So, this is my first blog theme post and I'm probably bending the rules. I am going to share Big Mama's wisdom, but also ask if others were taught this same habit. Big Mama was my mother's mother. Grandma, Granny, Meema, and Nana were names already used for other grandmothers in the family by the time Big Mama's first grandchild (me) came along. But I digress.
One of Big Mama's cardinal rules was that glasses and cups were placed rim-side down in the cabinets. I never thought of questioning this. It was just the way things were done. When I met my husband I had to teach him proper dish placement. His mother had not taught him this kitchen imperative.
A few years ago I heard a presentation about the Dust Bowl. The speaker said the habit of placing dishes upside down in the cupboard came about during those years when dirt and dust blew in through every little crack and settled into everything in the house. She didn't explain why only glasses and cups were placed upside down. The image of teetering stacks of upside down plates and bowls seems to clearly indicate why this rule didn't apply to those dishes. And she didn't have a source for linking this habit to the Dust Bowl other than her family lore. We all know how dependable that can be.
My husband's family was in Buffalo, New York, at the time of the Dust Bowl. My family, practicing this rule, was in Texas during the Dust Bowl years, but not the panhandle area where the Dust Bowl hit hardest. In the East Texas piney woods the rim-down habit could have easily been instituted due to bugs or plain old dust — unrelated to the wind whipping over the plains that had been stripped of the grasses that kept the soil from becoming airborne dust.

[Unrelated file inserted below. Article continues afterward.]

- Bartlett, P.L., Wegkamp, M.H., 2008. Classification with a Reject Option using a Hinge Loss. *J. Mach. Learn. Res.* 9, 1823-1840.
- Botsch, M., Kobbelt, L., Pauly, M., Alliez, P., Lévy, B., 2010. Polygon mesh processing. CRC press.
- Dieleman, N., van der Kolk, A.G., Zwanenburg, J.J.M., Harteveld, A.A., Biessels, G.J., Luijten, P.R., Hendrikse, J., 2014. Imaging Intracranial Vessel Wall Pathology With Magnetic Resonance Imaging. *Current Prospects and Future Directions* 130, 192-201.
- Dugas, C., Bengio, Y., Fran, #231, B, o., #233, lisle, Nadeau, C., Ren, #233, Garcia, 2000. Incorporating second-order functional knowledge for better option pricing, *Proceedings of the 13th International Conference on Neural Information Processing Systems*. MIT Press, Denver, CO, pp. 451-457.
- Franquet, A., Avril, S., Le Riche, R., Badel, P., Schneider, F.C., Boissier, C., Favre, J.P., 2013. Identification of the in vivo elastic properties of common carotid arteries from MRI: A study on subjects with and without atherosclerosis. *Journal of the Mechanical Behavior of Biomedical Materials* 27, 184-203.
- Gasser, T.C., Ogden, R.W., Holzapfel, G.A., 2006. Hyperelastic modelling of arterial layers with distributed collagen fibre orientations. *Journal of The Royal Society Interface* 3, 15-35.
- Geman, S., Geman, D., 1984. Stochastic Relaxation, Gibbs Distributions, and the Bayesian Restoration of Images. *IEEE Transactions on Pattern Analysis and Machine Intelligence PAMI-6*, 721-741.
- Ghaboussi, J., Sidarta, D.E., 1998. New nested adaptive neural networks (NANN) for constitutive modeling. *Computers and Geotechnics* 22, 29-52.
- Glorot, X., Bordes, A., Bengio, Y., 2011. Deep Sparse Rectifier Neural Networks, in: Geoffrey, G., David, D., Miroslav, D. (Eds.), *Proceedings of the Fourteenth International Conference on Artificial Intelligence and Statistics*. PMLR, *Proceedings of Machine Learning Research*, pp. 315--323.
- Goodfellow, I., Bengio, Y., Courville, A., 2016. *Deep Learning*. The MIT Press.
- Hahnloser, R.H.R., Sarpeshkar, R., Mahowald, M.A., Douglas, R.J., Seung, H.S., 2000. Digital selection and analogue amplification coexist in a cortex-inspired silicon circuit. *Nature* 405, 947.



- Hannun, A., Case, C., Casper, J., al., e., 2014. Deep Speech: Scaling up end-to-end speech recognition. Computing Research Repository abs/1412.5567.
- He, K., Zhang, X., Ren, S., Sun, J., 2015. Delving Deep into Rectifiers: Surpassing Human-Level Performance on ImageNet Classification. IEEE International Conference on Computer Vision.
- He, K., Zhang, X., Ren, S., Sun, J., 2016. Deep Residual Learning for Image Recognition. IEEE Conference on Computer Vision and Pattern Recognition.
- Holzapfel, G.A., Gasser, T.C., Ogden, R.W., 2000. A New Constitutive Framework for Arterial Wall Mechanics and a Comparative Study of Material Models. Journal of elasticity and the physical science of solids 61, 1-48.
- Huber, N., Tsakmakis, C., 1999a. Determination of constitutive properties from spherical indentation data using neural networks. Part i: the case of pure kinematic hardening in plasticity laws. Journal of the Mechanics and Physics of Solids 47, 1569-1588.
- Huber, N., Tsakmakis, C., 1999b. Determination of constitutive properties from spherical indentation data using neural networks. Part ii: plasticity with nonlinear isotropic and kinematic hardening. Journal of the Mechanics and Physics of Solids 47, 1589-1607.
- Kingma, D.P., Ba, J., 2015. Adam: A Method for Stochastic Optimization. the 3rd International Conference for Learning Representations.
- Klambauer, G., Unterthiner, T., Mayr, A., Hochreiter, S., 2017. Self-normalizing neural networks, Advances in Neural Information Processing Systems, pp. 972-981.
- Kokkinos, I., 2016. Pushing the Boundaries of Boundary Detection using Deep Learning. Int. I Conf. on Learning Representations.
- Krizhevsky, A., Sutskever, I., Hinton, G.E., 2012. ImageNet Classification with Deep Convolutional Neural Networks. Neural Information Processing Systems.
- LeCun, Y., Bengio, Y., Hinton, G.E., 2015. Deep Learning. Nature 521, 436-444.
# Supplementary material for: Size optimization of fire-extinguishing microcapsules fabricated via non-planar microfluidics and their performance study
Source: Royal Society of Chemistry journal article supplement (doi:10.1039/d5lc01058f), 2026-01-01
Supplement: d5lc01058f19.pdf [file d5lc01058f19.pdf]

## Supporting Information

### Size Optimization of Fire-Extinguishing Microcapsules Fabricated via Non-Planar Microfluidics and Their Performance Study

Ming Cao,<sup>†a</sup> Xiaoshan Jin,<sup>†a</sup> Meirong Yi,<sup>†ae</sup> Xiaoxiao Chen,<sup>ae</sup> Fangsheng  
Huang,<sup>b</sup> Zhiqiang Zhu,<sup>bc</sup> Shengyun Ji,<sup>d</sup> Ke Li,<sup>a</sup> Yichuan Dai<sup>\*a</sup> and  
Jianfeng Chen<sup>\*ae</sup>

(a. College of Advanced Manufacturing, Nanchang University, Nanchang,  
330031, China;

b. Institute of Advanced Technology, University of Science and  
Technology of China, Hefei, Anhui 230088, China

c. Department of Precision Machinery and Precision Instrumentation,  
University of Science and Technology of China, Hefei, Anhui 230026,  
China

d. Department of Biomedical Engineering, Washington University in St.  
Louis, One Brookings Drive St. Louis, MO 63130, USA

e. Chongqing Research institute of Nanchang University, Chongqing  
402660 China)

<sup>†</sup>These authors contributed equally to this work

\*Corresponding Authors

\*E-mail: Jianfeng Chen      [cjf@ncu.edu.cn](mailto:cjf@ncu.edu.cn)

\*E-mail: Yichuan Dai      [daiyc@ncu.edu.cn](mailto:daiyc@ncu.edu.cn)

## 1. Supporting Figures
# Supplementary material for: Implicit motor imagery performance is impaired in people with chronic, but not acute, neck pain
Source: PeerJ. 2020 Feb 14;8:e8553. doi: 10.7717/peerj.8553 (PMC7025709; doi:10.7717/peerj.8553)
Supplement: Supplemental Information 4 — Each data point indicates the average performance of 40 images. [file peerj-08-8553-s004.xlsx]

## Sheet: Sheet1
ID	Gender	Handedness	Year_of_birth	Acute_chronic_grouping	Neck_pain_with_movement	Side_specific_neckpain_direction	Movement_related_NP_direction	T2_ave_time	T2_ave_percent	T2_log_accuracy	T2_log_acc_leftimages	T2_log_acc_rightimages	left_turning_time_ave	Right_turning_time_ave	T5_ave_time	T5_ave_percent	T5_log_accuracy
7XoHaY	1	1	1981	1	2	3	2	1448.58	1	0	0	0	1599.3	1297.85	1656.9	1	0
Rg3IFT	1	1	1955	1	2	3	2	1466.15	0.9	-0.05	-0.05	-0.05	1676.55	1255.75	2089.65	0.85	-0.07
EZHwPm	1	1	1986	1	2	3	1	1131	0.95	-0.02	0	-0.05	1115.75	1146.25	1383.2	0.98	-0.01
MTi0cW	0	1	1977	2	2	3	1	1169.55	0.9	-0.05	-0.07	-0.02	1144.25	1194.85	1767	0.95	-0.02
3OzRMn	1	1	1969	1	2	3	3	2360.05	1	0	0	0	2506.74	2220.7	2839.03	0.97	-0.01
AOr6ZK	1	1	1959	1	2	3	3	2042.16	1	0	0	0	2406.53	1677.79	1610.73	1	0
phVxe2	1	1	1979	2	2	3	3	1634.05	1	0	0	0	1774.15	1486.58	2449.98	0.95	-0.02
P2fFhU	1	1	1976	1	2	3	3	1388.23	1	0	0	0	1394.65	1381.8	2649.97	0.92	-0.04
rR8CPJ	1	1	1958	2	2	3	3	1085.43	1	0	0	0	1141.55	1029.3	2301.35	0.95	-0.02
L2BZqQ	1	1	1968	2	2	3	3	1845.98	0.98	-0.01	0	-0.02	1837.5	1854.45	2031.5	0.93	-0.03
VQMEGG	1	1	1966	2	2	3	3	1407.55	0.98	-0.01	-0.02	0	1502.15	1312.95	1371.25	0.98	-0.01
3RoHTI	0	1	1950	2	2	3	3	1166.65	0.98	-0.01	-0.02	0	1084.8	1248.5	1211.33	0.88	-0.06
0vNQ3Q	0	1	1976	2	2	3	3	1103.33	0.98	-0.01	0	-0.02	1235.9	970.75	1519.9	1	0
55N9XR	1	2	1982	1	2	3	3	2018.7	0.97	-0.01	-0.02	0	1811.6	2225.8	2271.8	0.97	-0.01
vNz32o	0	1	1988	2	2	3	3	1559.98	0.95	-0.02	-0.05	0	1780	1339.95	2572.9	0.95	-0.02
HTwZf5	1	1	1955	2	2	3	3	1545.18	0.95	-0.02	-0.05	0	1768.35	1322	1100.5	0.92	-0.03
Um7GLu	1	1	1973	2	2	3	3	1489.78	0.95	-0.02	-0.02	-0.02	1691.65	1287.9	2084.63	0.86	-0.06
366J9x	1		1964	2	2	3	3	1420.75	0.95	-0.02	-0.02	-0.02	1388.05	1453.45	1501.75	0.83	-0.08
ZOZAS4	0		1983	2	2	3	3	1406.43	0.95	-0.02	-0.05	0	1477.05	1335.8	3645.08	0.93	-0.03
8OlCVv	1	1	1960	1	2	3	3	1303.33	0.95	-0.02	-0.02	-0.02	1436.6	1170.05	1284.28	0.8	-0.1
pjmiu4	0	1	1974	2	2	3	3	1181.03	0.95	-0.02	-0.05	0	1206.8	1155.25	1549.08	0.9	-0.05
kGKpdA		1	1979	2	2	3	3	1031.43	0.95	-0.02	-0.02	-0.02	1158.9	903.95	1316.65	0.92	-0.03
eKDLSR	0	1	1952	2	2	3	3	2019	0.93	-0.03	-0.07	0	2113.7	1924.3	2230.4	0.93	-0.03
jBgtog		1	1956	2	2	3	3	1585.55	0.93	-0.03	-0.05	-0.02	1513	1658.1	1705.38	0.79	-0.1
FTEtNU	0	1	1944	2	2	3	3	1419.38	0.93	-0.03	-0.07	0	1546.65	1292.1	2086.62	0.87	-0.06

This is much too small a group to make a sweeping generalization. If you reply to this blog post, please tell me whether your family is of the rim-down or rim-up variety and where they lived during the 1930s. If I get enough responses maybe we can figure out where this habit comes from.
By the way, I devoured Timothy Egan's The Worst Hard Time: The Untold Story of Those Who Survived the Great American Dust Bowl (Boston: Mariner / Houghton Mifflin, 2006). Even though he did not answer my critical social history dish storage question, his book is a great read. He interviewed many survivors of the Dust Bowl. His book includes the personal stories as well as the government policies that contributed to this American disaster.
© 2010, Debbie Parker Wayne, All Rights Reserved